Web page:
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Philip Guston (1913-1980)
PROPERTY FROM THE COLLECTION OF LEE V. EASTMAN
Philip Guston (1913-1980)

Painting

Details
Philip Guston (1913-1980)
Painting
signed, indistinctly inscribed and dated 'To Louise, P. Guston 50' (lower right); signed again, titled and dated again 'Philip Guston Painting 1950' (on the reverse)
oil on canvas
18 x 19 in. (45.7 x 48.3 cm.)
Painted in 1950.
Provenance
Acquired from the artist
Exhibited
Coral Gables, University of Miami, Lowe Art Museum; Chicago, Terra Museum of American Art and New Brunswick, Rutgers The State University of New Jersey, The Jane Vorhees Zimmerli Art Museum, Abstract Expressionism: Other Dimensions, An Introduction to Small Scale Painterly Abstraction in America, 1940-1965, October 1989-June 1990, p. 42, no. 37 (illustrated).

Lot Essay

Painting, 1950 is jewel-like work from a very rare group of "White paintings" that represent Guston's first completely organic abstractions, the most famous being White Painting, 1951 in the San Francesco Museum of Modern Art. Devoid of any figurative references, these new works were executed with a unique freedom of improvisation and spontaneity that reflected Guston's wish for direct expression through gesture. "The desire for direct expression finally became so strong that even the interval necessary to reach back to the palette beside me became too long; so one day I put up a canvas and placed the palette in front of me. Then I forced myself to paint the entire work without stepping back to look at it. I remember that I painted this in an hour." (Guston, cited in R. Storr, Guston, New York 1986, p. 25).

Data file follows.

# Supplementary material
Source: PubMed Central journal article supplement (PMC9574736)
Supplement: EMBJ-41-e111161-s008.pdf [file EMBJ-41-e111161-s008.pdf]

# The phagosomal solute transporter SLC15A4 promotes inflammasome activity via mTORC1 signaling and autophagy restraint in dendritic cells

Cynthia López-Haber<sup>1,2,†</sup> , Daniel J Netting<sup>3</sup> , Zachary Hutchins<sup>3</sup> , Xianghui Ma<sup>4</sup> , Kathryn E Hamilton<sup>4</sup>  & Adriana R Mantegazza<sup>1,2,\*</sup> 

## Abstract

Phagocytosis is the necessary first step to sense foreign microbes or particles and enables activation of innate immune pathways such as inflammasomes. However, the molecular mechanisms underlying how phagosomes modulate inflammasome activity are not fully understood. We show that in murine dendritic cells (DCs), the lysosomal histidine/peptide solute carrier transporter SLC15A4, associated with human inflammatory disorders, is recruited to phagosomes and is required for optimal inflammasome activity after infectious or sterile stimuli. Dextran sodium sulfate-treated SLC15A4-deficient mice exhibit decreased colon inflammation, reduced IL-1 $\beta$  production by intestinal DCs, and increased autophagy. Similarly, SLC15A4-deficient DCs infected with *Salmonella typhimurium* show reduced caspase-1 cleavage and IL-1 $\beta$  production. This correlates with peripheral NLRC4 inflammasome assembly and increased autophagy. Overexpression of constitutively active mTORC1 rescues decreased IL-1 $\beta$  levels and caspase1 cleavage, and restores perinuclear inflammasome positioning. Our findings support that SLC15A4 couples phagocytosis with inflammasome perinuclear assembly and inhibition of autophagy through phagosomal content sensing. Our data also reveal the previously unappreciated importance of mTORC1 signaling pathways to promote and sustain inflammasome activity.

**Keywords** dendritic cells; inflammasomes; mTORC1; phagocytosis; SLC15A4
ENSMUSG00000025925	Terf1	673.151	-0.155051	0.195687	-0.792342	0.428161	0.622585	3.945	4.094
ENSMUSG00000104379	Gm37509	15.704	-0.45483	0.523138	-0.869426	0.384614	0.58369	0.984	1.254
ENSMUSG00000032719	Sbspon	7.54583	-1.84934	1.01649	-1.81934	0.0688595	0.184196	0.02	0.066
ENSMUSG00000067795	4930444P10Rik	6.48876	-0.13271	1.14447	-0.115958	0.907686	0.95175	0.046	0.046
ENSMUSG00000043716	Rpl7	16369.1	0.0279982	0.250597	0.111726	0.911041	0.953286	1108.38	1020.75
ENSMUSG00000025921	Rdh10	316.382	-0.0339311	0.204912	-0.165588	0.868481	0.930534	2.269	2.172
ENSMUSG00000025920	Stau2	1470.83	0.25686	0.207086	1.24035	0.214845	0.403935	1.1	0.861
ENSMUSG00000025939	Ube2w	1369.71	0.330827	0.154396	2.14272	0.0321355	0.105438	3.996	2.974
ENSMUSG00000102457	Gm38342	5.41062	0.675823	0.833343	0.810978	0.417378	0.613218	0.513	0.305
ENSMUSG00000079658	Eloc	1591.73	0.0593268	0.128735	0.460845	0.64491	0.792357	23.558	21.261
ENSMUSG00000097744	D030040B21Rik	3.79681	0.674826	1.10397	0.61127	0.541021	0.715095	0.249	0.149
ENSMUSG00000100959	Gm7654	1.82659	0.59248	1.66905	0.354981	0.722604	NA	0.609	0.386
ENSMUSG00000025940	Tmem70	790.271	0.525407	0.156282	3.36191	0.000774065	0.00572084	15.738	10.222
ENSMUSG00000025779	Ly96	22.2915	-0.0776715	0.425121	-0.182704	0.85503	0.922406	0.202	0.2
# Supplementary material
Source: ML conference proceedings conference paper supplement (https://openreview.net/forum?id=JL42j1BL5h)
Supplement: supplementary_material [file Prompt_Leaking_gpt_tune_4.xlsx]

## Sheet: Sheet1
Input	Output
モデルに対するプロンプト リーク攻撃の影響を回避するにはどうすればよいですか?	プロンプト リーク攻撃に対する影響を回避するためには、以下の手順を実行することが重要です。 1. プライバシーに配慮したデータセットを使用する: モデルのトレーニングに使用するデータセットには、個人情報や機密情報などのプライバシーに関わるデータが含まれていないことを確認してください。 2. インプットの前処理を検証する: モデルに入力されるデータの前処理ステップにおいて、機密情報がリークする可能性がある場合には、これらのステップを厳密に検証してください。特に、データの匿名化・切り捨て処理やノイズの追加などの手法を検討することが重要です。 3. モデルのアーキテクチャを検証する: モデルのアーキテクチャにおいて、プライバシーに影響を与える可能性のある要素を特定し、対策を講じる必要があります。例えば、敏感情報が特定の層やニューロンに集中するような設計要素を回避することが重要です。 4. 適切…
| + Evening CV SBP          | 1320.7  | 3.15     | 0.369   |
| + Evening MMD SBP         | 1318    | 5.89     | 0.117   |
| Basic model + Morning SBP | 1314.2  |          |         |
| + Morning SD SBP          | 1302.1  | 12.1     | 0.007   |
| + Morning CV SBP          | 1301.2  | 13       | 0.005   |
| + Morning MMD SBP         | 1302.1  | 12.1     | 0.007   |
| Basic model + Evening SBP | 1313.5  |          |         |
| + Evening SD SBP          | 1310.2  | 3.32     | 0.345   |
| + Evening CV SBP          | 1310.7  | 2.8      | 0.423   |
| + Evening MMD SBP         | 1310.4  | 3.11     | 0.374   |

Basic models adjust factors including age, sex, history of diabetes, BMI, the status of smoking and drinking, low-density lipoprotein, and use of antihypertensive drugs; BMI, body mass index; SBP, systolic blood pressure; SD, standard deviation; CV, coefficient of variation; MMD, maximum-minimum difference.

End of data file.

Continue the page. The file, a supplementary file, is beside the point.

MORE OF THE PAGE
Painting is a legible record of all the decisions, whether tentative or assured, that went into its realization; it exemplifies in its loose, open organization the simultaneity of thinking and making. Guston explores the canvas through a network of short, discontinuous strokes, working with a rough Mondrian-inspired grid which he fleshes out with very physical impressionistic gestures and autumn colors. Inspired also by Cezanne, he seems to celebrate the bareness of the primed canvas, allowing the white ground to be as much a protagonist of the composition as his built-up brushstrokes. Guston creates an extraordinary sense of balance and a central gravity, bringing vitality to the normally static grid.

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